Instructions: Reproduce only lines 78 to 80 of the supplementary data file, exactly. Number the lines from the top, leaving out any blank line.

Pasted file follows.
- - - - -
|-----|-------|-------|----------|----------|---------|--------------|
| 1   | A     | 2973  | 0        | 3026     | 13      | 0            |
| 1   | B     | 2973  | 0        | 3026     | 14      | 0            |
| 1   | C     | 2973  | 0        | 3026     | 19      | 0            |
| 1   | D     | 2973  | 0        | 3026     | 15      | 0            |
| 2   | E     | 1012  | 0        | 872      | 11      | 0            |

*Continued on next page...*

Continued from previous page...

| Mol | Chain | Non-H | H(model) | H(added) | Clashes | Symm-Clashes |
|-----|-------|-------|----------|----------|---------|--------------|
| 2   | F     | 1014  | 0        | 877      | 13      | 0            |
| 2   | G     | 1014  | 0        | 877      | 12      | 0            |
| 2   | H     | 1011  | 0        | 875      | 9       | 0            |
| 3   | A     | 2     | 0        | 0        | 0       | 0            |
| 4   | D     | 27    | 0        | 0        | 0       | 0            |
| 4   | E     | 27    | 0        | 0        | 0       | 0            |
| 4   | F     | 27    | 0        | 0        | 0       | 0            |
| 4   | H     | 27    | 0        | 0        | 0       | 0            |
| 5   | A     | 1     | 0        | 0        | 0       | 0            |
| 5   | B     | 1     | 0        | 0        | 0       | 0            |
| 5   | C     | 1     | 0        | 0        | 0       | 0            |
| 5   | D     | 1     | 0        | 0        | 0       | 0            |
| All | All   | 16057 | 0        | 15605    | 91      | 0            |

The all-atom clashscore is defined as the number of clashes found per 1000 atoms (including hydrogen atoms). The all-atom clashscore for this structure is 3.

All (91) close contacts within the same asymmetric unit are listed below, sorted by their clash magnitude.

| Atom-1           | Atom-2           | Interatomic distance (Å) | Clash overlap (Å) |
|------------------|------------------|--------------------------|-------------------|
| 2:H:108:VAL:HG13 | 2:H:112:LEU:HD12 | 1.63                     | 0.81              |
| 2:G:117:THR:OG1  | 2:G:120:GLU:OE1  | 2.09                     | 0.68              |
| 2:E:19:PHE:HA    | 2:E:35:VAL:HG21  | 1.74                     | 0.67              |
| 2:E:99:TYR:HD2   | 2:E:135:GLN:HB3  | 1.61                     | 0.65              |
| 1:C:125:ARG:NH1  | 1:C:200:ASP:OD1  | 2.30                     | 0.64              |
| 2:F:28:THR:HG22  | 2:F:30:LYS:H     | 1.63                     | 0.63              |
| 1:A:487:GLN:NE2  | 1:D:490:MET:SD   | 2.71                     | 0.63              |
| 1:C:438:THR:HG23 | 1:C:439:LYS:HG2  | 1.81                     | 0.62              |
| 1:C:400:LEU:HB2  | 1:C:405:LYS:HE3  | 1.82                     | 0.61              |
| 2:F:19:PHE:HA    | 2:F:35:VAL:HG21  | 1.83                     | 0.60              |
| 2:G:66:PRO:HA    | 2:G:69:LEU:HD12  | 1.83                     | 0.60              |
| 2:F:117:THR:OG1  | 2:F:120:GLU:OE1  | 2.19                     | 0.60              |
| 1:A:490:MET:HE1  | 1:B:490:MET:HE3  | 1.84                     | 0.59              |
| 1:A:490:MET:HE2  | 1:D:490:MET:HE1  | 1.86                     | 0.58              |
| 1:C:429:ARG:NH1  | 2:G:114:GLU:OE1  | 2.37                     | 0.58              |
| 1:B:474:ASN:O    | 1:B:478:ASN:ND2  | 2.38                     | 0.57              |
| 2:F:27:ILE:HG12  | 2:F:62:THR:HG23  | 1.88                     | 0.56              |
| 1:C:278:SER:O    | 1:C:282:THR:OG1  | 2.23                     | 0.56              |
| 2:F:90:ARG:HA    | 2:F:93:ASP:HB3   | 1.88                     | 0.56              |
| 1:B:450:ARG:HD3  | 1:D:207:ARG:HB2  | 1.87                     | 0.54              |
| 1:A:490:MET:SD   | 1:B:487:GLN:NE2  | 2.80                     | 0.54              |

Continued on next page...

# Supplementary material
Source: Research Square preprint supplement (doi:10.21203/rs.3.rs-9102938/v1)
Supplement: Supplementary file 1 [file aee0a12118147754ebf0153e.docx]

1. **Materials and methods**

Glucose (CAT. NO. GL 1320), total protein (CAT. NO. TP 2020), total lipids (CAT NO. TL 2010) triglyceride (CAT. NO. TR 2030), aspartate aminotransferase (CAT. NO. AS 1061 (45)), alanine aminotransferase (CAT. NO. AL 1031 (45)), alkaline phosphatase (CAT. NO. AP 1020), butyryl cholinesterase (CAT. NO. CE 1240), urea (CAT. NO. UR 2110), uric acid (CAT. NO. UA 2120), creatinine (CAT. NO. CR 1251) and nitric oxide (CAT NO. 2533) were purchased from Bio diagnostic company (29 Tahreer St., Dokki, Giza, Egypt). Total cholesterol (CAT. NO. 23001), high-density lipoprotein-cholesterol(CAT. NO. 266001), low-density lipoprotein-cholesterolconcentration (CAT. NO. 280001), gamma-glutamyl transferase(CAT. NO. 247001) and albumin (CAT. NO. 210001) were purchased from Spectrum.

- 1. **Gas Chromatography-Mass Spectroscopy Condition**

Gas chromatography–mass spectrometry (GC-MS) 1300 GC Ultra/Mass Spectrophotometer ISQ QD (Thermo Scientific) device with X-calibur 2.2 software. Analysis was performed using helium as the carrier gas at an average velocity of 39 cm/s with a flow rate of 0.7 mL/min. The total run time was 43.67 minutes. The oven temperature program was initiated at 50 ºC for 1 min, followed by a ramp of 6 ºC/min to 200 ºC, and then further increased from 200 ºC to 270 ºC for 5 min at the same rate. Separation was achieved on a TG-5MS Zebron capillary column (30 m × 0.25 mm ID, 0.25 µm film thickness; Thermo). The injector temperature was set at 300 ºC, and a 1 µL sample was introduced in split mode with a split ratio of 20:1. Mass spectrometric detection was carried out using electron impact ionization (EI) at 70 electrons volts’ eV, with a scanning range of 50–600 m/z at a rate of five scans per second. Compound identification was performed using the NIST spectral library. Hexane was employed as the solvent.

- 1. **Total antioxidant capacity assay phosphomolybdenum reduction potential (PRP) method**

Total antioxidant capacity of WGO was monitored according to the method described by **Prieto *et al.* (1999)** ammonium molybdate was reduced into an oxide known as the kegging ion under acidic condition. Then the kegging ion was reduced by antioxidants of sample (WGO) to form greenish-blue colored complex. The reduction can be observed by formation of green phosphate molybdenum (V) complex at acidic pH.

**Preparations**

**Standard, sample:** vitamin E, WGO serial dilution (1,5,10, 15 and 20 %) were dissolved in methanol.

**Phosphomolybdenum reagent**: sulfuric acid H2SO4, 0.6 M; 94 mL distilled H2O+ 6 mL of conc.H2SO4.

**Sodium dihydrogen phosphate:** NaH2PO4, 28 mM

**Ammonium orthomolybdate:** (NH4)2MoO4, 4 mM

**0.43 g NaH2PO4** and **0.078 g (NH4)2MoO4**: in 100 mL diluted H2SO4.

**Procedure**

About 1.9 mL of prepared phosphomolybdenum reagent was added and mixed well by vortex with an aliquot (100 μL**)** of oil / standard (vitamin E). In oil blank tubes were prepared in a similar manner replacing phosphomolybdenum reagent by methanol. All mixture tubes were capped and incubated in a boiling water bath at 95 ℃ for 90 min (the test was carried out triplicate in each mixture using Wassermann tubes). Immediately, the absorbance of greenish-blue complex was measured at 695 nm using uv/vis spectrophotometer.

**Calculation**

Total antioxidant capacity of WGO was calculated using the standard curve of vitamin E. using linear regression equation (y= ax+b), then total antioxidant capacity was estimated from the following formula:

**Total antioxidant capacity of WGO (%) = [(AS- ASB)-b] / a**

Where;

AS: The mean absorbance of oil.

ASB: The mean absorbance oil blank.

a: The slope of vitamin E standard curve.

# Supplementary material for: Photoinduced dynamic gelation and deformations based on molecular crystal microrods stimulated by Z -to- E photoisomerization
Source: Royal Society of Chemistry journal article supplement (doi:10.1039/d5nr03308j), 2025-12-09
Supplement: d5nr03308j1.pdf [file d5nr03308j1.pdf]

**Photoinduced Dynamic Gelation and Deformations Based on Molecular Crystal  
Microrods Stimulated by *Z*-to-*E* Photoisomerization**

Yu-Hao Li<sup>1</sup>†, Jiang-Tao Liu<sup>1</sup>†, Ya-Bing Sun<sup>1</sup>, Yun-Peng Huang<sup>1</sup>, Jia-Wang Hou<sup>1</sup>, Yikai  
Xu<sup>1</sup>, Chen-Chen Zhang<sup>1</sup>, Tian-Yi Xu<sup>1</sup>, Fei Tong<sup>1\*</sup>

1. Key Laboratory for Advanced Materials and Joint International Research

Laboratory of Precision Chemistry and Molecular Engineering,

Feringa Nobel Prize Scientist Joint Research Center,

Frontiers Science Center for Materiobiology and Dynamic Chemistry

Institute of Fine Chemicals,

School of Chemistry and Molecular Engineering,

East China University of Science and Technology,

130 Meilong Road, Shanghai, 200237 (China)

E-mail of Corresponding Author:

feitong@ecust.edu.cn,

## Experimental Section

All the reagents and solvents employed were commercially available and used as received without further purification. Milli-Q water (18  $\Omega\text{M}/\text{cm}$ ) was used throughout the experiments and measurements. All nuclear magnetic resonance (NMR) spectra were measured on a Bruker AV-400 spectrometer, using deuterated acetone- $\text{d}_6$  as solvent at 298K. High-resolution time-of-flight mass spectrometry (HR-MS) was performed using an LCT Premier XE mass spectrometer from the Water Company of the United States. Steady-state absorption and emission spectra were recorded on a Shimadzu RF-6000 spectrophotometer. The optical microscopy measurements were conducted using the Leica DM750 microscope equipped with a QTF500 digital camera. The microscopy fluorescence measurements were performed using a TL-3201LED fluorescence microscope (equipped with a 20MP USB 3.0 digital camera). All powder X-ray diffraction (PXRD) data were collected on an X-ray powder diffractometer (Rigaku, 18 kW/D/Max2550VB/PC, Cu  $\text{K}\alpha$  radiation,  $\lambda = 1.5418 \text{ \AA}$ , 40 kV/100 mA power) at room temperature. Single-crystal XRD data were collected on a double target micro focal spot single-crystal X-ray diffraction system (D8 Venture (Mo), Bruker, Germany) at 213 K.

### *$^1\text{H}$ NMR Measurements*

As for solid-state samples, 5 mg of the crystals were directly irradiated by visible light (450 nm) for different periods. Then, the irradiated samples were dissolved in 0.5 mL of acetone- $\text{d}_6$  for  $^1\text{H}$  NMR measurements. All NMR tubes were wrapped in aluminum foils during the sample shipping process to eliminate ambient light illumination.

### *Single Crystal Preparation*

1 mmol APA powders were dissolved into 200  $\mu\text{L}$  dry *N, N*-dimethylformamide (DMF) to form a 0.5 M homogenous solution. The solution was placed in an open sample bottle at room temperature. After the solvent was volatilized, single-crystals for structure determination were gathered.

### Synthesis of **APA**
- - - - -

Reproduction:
Microrods Stimulated by *Z*-to-*E* Photoisomerization**

Yu-Hao Li<sup>1</sup>†, Jiang-Tao Liu<sup>1</sup>†, Ya-Bing Sun<sup>1</sup>, Yun-Peng Huang<sup>1</sup>, Jia-Wang Hou<sup>1</sup>, Yikai  
Xu<sup>1</sup>, Chen-Chen Zhang<sup>1</sup>, Tian-Yi Xu<sup>1</sup>, Fei Tong<sup>1\*</sup>